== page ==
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Summary:

The key to successful document collaboration, as far as I’ve been able to gather in my many attempts, is making sure that the process is as simple as is absolutely possible. People only seem able or willing to work together on text projects if it takes […]

doingtextlogoThe key to successful document collaboration, as far as I’ve been able to gather in my many attempts, is making sure that the process is as simple as is absolutely possible. People only seem able or willing to work together on text projects if it takes only marginally more effort than not collaborating at all. A newly open-to-the-public web app called doingText, which Mike Gunderloy took a brief look at when it was in closed beta, might be the best and simplest method yet, even beating TextFlow‘s latest web-based tool.

They’ve since added some features, ironed out some kinks, and set up a multi-tiered pricing plan that offers something for everyone, including a basic free version that will probably be enough for most individuals. I wanted to run it through its paces now that it’s been officially released, and see if it really was as hassle-free as advertised.

Things started well. I didn’t even need to set up an account to begin, though I chose to in order review all of doingText’s features. Sign-up was simple, too, and they didn’t ask for any unnecessary information like my phone number or street address. You can also use your OpenID to register, and apparently doingText supports Gravatars, because mine showed up on my dashboard page once I’d completed registration.

picture-32When I say “dashboard,” I use the term loosely, because doingText’s interface isn’t really complex enough to deserve that title. All you really get is a text box and an “Edit Profile” button. Pasting text from any source into the box on the right will get you started. doingText automatically formats and divides the text into boxes based on its existing formatting. The source document I used was an .rtfd file I originally created in Bean. I was pleasantly surprised to find that doingText recognized line breaks and new paragraphs automatically, so I didn’t have to rework the text at all before collaboration could begin.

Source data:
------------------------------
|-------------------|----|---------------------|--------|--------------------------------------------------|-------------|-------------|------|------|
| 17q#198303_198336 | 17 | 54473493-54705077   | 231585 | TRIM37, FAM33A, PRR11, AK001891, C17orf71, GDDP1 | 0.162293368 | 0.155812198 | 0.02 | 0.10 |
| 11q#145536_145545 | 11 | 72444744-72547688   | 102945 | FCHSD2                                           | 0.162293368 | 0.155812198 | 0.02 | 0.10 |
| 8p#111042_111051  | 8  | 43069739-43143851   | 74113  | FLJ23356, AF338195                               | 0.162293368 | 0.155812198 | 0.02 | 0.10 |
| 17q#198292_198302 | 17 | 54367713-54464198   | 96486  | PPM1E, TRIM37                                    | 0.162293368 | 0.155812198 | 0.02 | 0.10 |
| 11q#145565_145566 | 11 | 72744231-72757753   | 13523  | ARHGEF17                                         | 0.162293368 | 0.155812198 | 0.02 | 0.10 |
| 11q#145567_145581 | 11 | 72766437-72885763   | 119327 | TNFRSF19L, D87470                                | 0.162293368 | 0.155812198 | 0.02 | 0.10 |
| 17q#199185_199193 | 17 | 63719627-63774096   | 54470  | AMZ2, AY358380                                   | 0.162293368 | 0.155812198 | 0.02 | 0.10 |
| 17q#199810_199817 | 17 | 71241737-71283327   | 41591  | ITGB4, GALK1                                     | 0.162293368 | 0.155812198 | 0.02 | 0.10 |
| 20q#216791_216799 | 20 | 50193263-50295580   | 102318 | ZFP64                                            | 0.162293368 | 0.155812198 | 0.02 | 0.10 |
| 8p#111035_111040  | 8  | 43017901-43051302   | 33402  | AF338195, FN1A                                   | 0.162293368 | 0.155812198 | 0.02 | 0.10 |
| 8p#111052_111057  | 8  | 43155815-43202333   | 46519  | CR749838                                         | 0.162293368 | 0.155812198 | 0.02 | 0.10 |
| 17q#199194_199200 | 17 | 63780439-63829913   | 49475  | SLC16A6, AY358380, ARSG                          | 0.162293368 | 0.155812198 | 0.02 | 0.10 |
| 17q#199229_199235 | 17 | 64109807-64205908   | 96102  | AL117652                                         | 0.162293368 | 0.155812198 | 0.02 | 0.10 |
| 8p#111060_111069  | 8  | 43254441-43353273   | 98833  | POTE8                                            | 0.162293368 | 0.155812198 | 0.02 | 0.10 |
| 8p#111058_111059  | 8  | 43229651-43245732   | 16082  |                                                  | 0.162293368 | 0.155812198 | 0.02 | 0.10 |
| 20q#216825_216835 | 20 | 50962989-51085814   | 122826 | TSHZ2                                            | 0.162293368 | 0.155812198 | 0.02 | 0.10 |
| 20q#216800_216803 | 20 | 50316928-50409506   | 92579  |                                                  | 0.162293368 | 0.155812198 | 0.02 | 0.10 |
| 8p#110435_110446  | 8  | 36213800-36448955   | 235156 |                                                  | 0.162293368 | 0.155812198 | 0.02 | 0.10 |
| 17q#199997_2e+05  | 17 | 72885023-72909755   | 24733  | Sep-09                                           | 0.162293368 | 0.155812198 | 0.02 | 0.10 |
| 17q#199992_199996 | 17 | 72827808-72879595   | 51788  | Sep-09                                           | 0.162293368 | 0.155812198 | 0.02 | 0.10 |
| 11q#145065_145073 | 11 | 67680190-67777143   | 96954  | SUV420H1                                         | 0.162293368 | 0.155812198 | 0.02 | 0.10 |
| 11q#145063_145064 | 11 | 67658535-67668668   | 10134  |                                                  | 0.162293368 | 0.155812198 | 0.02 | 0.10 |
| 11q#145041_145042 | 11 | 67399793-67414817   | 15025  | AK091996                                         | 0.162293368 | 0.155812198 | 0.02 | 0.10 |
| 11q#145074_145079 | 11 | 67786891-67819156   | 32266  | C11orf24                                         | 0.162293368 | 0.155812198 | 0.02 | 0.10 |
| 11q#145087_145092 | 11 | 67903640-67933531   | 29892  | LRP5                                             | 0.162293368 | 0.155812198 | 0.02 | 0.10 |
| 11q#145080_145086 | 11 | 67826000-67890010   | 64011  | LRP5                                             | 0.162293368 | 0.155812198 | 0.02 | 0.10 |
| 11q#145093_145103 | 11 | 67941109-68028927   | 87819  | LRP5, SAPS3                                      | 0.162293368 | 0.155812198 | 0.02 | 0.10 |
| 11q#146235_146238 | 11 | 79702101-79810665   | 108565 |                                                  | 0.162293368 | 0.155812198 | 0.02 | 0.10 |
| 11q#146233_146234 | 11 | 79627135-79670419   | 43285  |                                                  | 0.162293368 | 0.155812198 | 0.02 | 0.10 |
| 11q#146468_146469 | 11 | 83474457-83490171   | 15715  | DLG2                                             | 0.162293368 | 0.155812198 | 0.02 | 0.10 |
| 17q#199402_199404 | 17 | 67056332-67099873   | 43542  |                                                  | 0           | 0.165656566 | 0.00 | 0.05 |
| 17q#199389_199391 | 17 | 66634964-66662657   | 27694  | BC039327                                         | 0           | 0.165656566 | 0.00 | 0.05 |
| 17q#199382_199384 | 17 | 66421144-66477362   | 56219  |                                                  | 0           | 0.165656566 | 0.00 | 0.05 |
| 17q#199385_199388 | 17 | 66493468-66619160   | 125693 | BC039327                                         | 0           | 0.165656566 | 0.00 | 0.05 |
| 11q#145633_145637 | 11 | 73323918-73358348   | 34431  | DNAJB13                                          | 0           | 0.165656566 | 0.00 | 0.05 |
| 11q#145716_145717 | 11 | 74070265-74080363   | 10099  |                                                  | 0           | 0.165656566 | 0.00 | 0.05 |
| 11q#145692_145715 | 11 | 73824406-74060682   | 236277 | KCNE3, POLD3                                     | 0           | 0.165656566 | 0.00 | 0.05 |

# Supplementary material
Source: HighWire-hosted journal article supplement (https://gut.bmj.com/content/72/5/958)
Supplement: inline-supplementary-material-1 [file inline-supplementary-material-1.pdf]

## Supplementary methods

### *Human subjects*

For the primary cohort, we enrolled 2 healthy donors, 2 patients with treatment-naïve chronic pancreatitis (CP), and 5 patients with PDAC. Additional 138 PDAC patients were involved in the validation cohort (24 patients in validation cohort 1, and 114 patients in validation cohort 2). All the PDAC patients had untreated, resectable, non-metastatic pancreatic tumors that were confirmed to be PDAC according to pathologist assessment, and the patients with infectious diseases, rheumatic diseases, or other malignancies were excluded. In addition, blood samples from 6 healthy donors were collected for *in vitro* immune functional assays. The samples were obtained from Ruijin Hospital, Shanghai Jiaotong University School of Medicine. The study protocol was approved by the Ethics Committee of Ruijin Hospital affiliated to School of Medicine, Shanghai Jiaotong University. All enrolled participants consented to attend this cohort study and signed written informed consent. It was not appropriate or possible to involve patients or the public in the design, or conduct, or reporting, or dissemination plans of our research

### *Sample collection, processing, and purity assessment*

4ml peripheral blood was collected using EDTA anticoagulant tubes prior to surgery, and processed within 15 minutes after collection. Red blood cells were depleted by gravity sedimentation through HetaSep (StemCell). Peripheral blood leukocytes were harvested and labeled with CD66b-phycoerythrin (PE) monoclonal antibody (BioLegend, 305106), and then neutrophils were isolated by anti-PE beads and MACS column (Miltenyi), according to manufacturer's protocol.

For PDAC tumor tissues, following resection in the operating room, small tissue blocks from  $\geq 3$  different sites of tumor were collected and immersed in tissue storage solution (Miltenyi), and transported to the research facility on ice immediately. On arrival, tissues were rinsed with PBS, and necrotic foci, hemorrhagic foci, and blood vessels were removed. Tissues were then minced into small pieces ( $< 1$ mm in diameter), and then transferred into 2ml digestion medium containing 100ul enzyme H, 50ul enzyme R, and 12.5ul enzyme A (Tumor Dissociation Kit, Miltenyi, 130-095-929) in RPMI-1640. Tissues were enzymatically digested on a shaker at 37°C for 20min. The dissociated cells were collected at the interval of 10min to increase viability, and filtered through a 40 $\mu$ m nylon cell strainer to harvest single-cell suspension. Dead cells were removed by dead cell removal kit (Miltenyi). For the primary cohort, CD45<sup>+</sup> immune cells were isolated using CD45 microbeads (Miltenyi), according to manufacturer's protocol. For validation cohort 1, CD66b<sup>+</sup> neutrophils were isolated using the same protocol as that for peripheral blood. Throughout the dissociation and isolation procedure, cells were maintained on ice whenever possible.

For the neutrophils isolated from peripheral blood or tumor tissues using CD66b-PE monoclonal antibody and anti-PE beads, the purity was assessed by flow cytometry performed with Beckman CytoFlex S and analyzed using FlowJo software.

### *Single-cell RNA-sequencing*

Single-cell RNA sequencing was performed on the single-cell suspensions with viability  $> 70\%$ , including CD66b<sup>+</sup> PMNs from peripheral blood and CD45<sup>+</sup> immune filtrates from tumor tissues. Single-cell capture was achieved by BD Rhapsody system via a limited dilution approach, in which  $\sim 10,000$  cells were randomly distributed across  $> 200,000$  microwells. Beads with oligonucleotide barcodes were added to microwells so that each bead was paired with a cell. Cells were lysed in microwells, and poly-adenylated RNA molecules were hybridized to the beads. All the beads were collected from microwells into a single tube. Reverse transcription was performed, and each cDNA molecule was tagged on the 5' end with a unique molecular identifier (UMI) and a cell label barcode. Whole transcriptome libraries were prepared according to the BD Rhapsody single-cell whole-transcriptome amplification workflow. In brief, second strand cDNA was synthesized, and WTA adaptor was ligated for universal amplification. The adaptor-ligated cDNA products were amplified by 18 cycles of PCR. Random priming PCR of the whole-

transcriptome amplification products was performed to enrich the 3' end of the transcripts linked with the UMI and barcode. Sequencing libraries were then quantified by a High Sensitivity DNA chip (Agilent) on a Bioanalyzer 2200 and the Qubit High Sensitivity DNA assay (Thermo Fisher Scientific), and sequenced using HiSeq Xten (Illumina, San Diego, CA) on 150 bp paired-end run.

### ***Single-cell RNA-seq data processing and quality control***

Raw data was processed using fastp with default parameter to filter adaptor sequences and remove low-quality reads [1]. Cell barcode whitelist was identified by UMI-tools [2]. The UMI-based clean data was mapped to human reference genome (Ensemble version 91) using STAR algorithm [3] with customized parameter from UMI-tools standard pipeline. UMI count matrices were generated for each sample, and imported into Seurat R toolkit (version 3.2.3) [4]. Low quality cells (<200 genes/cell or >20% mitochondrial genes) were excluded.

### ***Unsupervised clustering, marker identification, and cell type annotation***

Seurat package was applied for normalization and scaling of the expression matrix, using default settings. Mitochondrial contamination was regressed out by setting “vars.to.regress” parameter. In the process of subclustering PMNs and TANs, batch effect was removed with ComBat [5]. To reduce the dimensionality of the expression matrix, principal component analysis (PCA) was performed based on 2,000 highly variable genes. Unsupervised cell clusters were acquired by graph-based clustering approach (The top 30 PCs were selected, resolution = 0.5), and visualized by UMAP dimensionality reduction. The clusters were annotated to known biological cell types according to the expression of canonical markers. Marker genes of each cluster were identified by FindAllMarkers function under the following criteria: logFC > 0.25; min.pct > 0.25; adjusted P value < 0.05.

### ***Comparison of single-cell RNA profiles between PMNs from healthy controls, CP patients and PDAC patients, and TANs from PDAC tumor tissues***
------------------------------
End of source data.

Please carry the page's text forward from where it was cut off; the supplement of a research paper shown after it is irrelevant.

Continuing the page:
picture-52Each paragraph becomes a new “block” in doingText’s editor, and hovering over one brings up an options panel on the right that allows you to make changes to, or alter the color of, each. You can also add comments to explain the changes you’ve made to the work’s original author or your co-editors. The options panel also tells you which version of the document you’re working on, so you can easily keep track of changes across iterations.

picture-62You can share your document via a randomly generated unique URL, or by embedding specially-generated code in your own web site. You can also add specific individuals as co-editors, or set a password to limit access to your document even more. Every discussion (doingText’s term for an active document) has a revision history which you can access to quickly see what’s been done and by whom. Finally, you can download the work as a .txt or .pdf file at any time. A built-in messaging system allows you to communicate with other doingText users, even if you’re not currently collaborating on anything with them.